Welcome! I really enjoy exchanging information with people and love that this blog helps with that. I consider much of my research as a work in progress, so please let me know if you have conflicting information. Some of the surnames I'm researching:

Many old Cape families including Kelley, Eldredge/idge, Howes, Baker, Mayo, Bangs, Snow, Chase, Ryder/Rider, Freeman, Cole, Sears, Wixon, Nickerson.
Many old Plymouth County families including Washburn, Bumpus, Lucas, Cobb, Benson.
Johnson (England to MA)
Corey (Correia?) (Azores to MA)
Booth, Jones, Taylor, Heatherington (N. Ireland to Quebec)
O'Connor (Ireland to MA)
My male Mayflower ancestors (only first two have been submitted/approved by the Mayflower Society):
Francis Cooke, William Brewster, George Soule, Isaac Allerton, John Billington, Richard Warren, Peter Browne, Francis Eaton, Samuel Fuller, James Chilton, John Tilley, Stephen Hopkins, and John Howland.
Female Mayflower ancestors: Mary Norris Allerton, Eleanor Billington, Mary Brewster, Mrs. James Chilton, Sarah Eaton, and Joan Hurst Tilley.
Child Mayflower ancestors: Giles Hopkins, (possibly) Constance Hopkins, Mary Allerton, Francis Billington, Love Brewster, Mary Chilton, Samuel Eaton, and Elizabeth Tilley.

Friday, September 7, 2018

Samuel Berry, 1654-1704, and his wife Elizabeth Bell of Yarmouth, Mass.

Samuel Berry was born 11 July 1654 in Yarmouth, Barnstable Co., Mass., the son of Richard and Alice Berry. He is my 8th great-grandfather on my grandmother Milly (Booth) Rollins’ side of the family.

Samuel’s father Richard Berry was a man of questionable character, disenfranchised for being a “grossly scandalous and debauched” person. I wrote about Richard Berry here.   Swift wrote that Richard’s 11 children had exemplary character and that his sons John and Samuel were useful and esteemed citizens.

On 19 January 1660, when Samuel was just five years old, his father gave him to George Crispe and his wife of Eastham. It was fairly common for parents who couldn’t afford to care for all of their children to put them out to learn a trade, but the wording of the agreement sounds more like an adoption as it stated George and his wife were to raise Samuel as if he were their own. According to George Crispe’s 8 June 1682 will, Samuel became "stubborn and rebellious and went away against Mr. Crisp's protest before his lawful time [age 21].” In consequence Mr. Crispe ordered the executor to pay him the small sum of 12 pence and no more.

I’d love to know the details behind Samuel’s running off. Was he mistreated by the Crispe family or was he a willful person like his father who seemed to act without thinking of consquences? At any rate, it can’t have been easy being given away by his parents at such a young age.

Samuel grew up and married Elizabeth Bell, who Torrey gives as the daughter of John Bell, before the birth of their first child in 1682. Her identity is proven when John Bell of Yarmouth died in 1700 and his son-in-law Samuel Berry of Harwich was named executor. Samuel’s unnamed daughter was in possession of her grandfather’s yearling. Samuel charged the estate over 41 pounds for caring for his father-in-law John Bell for three years and his mother-in-law for five years, this included paying for both of their funerals. John’s daughter Elizabeth Berry is named in the estate settlement.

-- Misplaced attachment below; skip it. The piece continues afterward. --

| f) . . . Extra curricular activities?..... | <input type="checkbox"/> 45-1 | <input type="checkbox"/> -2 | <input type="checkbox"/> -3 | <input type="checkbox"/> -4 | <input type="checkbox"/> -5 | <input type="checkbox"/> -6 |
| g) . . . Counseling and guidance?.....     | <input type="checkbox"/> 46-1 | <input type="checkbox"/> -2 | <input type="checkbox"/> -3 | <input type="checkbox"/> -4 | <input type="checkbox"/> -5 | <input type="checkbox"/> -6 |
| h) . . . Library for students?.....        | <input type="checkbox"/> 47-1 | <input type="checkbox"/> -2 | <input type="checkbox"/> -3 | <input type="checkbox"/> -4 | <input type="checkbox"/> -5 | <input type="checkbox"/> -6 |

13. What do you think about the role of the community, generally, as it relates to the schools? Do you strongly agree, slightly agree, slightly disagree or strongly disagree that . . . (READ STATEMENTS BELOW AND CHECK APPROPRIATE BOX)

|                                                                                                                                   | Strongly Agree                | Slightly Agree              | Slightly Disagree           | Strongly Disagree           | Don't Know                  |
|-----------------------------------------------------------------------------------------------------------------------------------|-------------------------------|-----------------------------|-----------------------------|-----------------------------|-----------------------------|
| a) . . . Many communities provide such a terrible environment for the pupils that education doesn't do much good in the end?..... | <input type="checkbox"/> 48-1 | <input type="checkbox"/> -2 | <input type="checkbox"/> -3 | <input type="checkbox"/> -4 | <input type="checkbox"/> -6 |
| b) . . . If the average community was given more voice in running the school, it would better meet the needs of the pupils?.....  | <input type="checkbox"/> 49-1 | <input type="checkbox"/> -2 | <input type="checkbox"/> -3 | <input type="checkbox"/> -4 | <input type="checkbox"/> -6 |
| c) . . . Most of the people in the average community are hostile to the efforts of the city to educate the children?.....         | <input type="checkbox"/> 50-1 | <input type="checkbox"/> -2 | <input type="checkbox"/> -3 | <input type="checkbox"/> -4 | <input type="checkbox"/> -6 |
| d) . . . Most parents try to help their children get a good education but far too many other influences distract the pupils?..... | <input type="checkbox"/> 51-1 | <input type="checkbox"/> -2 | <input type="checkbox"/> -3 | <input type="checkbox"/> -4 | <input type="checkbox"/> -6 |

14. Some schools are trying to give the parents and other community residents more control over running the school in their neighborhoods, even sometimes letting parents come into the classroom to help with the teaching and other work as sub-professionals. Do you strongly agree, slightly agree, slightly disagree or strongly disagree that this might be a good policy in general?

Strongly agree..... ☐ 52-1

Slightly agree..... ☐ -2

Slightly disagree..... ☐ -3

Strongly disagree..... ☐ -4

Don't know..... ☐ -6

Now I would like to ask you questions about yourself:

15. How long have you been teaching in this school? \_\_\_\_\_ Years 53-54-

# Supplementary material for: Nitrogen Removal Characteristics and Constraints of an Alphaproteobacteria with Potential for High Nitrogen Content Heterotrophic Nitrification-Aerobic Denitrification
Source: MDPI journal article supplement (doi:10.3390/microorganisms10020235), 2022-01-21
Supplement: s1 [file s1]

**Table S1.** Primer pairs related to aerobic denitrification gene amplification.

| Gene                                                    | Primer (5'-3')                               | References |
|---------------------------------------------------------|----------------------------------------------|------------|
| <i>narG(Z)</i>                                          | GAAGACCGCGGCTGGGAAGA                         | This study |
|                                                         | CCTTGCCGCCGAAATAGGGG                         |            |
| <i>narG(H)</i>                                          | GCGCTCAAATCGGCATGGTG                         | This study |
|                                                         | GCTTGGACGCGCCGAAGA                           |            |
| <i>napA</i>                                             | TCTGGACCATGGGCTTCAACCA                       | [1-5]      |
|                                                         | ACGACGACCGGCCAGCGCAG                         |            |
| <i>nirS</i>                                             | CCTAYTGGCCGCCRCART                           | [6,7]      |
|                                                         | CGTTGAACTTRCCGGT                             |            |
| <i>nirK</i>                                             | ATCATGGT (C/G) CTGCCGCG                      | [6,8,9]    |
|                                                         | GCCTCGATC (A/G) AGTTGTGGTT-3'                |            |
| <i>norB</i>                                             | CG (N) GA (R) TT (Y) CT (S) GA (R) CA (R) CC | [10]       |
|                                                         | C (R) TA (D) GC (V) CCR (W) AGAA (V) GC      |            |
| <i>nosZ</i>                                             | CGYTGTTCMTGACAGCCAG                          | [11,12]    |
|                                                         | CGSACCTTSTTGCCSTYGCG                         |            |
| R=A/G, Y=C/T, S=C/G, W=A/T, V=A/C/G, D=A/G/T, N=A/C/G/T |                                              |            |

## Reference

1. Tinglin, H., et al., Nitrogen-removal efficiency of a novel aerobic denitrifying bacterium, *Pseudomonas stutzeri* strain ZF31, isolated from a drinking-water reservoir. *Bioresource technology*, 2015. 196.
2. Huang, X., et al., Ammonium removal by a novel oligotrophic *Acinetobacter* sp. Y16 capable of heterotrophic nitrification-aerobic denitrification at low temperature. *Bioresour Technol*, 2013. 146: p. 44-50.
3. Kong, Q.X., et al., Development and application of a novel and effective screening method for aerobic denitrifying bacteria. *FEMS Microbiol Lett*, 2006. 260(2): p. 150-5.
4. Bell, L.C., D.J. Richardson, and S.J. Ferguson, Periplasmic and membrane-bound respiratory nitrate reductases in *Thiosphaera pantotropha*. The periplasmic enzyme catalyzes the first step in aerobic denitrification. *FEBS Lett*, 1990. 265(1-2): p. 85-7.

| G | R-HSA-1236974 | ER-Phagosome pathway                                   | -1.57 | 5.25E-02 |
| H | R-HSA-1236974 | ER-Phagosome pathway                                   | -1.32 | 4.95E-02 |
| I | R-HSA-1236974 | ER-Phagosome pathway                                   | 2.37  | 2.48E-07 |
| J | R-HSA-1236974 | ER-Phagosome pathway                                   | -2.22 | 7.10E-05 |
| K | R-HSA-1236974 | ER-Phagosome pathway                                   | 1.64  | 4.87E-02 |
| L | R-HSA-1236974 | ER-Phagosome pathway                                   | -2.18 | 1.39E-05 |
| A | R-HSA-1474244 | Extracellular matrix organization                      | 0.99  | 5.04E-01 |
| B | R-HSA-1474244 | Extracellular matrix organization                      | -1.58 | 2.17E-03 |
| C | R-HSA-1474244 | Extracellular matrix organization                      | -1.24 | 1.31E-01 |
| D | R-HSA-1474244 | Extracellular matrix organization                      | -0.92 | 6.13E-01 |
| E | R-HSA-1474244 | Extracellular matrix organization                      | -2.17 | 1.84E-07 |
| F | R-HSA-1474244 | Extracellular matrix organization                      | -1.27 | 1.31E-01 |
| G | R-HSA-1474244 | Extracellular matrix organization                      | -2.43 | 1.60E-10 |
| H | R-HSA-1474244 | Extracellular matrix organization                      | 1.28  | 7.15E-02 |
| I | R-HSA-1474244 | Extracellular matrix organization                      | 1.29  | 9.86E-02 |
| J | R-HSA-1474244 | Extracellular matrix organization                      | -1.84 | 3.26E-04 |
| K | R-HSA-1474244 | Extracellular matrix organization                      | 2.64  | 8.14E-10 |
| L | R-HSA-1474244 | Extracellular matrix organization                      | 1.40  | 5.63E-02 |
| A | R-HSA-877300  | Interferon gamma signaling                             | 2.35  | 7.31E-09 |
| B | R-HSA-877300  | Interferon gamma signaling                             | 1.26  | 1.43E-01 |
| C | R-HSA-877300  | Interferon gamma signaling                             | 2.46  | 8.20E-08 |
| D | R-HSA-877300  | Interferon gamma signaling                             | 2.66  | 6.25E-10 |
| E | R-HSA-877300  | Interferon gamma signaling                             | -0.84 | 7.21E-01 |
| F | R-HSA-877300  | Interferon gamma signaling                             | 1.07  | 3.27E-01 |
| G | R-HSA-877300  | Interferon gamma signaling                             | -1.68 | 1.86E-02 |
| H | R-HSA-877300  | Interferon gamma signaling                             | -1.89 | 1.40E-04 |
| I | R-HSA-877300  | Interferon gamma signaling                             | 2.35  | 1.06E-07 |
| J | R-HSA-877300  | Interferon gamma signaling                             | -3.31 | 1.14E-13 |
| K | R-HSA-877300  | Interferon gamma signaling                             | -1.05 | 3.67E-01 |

Elizabeth and John had six children, births recorded Yarmouth Vital Records:
An unnamed daughter, born 19 Jan 1682
Elizabeth, born 21 December 1684
Patience, born 22 Jan 1687
John, born 9 July 1689
Samuel, born Nov 1691
Desire, born 29 June 1694

I descend from son Samuel who married Rebecca Gray.

He came to Harwich from Yarmouth, living on the west side of Herring River. He was of Harwich when his father-in-law died in 1700 but was again of Yarmouth at the time of his death in 1704.

Samuel Berry died 21 February 1703/04 at Yarmouth, just 49 years of age. He did not leave a will but just three hours before his death in the presence of Benjamin Gage and Daniel Baker, he said he wanted his property to go to his wife to use to support “the little girl.”  Presumably this was his daughter Desire. Gage and Baker testified to this statement on 23 February 1703/4 to John Thacher, Justice of the Peace, and again on 29 February to Probate Judge Barnabas Lothrop. 

Gage and Baker took inventory of Samuel’s estate on 3 March 1704, and it include land, housing and meadows worth 25 pounds, 3 cows, 2 steers and other young cattle, horse, sheep, swine, a gun, farm implements and harvested crops, clothes, cloth and bedding. Debts of 11 pounds were due to the estate.

I have not found Elizabeth Bell Berry’s death date but she survived her husband Samuel.

Josiah Paine, History of Harwich, Barnstable Co, Mass. 1620-1800, 1937
Clarence Torrey, New England Marriages Prior to 1700
Amos Otis, Genealogical Notes of Barnstable Families , 1890
Simeon Deyo, editor, History of Barnstable County, Mass., 1890
William Davis, The Berry Family of Yarmouth, Library of Cape Cod History and Genealogy, Pamphlet No. 80, 1912
Susan E. Roser, Early Descendants of Daniel Cole of Eastham, Mass., 2010
Charles F. Swift, History of Old Yarmouth, 1884

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